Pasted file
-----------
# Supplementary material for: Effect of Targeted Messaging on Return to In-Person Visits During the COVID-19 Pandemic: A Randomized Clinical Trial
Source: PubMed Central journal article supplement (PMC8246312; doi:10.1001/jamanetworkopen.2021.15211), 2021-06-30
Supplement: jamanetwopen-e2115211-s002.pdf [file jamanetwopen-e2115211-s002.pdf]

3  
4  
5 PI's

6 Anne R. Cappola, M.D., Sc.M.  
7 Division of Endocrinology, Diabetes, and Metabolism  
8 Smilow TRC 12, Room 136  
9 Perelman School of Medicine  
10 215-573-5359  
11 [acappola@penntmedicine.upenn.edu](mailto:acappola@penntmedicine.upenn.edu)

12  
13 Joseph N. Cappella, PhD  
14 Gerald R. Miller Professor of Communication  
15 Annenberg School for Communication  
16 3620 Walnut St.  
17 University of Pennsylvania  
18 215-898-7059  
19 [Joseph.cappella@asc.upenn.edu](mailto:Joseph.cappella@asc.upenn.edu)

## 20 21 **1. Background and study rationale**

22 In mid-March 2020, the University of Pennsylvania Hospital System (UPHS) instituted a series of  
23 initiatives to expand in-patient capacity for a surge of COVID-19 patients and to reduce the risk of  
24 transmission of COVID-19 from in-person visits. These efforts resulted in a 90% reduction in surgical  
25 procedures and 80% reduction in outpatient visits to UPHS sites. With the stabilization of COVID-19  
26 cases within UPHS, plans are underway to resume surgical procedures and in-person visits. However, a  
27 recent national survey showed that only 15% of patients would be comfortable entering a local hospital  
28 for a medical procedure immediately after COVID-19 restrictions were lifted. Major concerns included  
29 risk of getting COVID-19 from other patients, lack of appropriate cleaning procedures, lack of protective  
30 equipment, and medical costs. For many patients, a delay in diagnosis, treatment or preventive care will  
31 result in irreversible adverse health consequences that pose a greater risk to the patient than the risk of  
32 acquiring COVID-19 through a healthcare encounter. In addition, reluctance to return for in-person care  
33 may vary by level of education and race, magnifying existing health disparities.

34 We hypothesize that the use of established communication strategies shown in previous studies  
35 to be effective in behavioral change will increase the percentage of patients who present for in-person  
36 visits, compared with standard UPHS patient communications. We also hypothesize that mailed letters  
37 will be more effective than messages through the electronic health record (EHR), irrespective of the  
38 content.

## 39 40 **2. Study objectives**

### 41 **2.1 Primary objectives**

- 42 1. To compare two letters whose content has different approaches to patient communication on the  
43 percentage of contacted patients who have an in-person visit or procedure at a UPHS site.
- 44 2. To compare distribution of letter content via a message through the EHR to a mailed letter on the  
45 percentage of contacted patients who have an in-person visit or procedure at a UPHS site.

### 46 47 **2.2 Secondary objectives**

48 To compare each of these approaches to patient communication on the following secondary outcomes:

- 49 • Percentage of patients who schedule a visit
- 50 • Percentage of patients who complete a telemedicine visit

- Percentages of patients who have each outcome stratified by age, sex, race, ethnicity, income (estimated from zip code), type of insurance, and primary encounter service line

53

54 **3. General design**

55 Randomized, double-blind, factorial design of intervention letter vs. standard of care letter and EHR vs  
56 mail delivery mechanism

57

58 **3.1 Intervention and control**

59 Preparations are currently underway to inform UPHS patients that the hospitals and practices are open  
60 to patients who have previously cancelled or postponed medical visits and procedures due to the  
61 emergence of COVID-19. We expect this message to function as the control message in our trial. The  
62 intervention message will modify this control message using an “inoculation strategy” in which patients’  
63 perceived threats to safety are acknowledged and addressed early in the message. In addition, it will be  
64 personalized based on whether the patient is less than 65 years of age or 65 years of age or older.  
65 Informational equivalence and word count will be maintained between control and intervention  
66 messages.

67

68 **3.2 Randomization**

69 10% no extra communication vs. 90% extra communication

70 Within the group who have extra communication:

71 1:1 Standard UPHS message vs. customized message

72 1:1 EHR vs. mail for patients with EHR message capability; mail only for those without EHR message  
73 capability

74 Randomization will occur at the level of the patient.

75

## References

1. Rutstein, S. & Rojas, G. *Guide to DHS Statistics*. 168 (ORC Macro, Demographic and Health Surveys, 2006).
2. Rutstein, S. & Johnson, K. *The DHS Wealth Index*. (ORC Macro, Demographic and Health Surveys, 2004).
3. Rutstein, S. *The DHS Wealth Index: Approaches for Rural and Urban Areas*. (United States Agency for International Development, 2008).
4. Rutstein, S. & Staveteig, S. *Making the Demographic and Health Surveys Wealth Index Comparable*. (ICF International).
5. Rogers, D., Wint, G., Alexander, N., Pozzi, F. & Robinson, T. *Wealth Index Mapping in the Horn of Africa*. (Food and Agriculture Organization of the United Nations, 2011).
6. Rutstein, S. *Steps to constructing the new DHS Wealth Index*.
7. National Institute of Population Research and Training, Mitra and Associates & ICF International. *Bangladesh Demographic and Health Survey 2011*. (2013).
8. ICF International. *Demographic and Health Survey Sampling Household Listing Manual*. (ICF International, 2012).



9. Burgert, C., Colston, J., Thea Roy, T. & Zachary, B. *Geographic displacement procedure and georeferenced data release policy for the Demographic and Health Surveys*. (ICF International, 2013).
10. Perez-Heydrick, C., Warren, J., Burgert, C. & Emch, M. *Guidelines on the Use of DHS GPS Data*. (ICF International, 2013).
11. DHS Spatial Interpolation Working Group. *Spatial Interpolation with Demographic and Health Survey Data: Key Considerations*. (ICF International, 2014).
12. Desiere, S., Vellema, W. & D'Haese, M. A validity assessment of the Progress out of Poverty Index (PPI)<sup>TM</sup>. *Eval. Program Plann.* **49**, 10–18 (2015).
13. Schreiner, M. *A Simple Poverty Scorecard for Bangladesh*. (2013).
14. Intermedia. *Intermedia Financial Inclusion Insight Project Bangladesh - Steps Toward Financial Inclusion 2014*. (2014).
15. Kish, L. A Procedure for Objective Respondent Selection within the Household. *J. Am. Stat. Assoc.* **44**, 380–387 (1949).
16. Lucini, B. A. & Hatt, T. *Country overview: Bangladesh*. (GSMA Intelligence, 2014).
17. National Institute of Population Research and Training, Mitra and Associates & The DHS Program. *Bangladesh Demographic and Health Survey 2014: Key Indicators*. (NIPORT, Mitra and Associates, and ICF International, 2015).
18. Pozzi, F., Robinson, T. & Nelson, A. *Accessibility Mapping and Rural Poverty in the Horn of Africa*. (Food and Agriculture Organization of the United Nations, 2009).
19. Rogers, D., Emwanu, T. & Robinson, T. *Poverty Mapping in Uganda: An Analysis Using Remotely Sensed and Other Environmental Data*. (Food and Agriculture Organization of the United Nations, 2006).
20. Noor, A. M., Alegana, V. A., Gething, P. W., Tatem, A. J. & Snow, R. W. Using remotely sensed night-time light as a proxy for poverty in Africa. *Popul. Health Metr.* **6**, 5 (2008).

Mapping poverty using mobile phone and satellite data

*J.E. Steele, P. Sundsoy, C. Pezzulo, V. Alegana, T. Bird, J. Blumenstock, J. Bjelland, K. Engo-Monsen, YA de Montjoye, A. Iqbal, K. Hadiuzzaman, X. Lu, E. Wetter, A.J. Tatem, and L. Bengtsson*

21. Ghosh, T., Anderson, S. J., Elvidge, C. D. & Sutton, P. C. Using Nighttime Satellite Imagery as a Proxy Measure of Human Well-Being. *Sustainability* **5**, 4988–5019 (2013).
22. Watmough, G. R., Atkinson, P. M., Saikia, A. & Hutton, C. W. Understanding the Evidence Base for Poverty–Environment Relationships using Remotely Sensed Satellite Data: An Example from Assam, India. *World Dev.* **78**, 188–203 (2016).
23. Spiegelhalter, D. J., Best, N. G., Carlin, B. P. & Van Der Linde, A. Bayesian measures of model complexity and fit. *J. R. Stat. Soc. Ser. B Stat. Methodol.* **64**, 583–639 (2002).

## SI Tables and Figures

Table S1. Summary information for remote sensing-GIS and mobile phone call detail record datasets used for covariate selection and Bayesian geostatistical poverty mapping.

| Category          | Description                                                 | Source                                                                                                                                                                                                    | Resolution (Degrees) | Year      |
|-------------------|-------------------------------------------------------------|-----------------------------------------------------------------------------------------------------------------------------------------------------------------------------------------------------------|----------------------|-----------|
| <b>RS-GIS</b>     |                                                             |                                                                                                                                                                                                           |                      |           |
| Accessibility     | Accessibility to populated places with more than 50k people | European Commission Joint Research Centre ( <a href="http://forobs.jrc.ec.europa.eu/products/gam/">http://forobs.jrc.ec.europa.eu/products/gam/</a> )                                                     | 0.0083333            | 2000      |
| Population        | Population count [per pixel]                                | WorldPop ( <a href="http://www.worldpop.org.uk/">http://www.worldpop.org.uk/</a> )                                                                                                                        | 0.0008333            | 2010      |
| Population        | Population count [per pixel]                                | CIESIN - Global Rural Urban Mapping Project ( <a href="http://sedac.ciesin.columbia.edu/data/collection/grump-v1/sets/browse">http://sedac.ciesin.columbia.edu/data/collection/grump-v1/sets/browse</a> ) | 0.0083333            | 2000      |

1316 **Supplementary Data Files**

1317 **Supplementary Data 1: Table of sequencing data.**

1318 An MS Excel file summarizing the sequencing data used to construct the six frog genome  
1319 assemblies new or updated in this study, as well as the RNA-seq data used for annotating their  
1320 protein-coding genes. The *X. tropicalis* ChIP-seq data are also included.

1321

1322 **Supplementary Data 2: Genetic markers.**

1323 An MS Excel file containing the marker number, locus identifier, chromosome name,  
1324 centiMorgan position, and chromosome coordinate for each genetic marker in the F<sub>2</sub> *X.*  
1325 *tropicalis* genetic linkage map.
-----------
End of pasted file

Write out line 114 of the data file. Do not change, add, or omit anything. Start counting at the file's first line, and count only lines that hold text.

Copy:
1323 An MS Excel file containing the marker number, locus identifier, chromosome name,  